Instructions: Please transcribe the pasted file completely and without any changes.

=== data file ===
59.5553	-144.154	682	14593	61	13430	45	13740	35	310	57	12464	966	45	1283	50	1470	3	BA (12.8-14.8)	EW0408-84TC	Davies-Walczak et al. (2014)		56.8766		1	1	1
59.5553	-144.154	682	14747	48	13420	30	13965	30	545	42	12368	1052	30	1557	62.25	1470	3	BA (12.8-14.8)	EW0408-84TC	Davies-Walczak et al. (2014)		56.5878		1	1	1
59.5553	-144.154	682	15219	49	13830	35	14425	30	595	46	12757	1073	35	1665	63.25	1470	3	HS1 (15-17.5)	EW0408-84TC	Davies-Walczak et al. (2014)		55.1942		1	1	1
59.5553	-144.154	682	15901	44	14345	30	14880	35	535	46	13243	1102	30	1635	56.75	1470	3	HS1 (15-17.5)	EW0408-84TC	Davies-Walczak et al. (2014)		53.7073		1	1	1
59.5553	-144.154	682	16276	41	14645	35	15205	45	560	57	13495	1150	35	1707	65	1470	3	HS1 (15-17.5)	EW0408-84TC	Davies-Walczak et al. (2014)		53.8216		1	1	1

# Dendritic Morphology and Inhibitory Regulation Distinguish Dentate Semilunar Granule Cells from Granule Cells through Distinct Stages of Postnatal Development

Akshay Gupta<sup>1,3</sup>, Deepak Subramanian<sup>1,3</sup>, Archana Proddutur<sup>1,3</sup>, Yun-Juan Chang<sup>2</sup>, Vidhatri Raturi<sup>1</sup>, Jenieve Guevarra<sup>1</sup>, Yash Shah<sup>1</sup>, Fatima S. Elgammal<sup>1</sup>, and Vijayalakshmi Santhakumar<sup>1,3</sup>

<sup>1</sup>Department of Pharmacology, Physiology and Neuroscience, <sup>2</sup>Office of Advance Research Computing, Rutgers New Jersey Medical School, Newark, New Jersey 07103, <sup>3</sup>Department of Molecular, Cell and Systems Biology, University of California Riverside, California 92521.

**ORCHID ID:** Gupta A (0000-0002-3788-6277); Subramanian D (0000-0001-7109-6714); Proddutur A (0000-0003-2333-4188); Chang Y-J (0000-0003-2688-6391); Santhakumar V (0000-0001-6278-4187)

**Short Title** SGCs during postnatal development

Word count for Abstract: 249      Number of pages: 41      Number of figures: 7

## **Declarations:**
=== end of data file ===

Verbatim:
59.5553	-144.154	682	14593	61	13430	45	13740	35	310	57	12464	966	45	1283	50	1470	3	BA (12.8-14.8)	EW0408-84TC	Davies-Walczak et al. (2014)		56.8766		1	1	1
59.5553	-144.154	682	14747	48	13420	30	13965	30	545	42	12368	1052	30	1557	62.25	1470	3	BA (12.8-14.8)	EW0408-84TC	Davies-Walczak et al. (2014)		56.5878		1	1	1
59.5553	-144.154	682	15219	49	13830	35	14425	30	595	46	12757	1073	35	1665	63.25	1470	3	HS1 (15-17.5)	EW0408-84TC	Davies-Walczak et al. (2014)		55.1942		1	1	1
59.5553	-144.154	682	15901	44	14345	30	14880	35	535	46	13243	1102	30	1635	56.75	1470	3	HS1 (15-17.5)	EW0408-84TC	Davies-Walczak et al. (2014)		53.7073		1	1	1
59.5553	-144.154	682	16276	41	14645	35	15205	45	560	57	13495	1150	35	1707	65	1470	3	HS1 (15-17.5)	EW0408-84TC	Davies-Walczak et al. (2014)		53.8216		1	1	1

# Dendritic Morphology and Inhibitory Regulation Distinguish Dentate Semilunar Granule Cells from Granule Cells through Distinct Stages of Postnatal Development

Akshay Gupta<sup>1,3</sup>, Deepak Subramanian<sup>1,3</sup>, Archana Proddutur<sup>1,3</sup>, Yun-Juan Chang<sup>2</sup>, Vidhatri Raturi<sup>1</sup>, Jenieve Guevarra<sup>1</sup>, Yash Shah<sup>1</sup>, Fatima S. Elgammal<sup>1</sup>, and Vijayalakshmi Santhakumar<sup>1,3</sup>

<sup>1</sup>Department of Pharmacology, Physiology and Neuroscience, <sup>2</sup>Office of Advance Research Computing, Rutgers New Jersey Medical School, Newark, New Jersey 07103, <sup>3</sup>Department of Molecular, Cell and Systems Biology, University of California Riverside, California 92521.

**ORCHID ID:** Gupta A (0000-0002-3788-6277); Subramanian D (0000-0001-7109-6714); Proddutur A (0000-0003-2333-4188); Chang Y-J (0000-0003-2688-6391); Santhakumar V (0000-0001-6278-4187)

**Short Title** SGCs during postnatal development

Word count for Abstract: 249      Number of pages: 41      Number of figures: 7

## **Declarations:**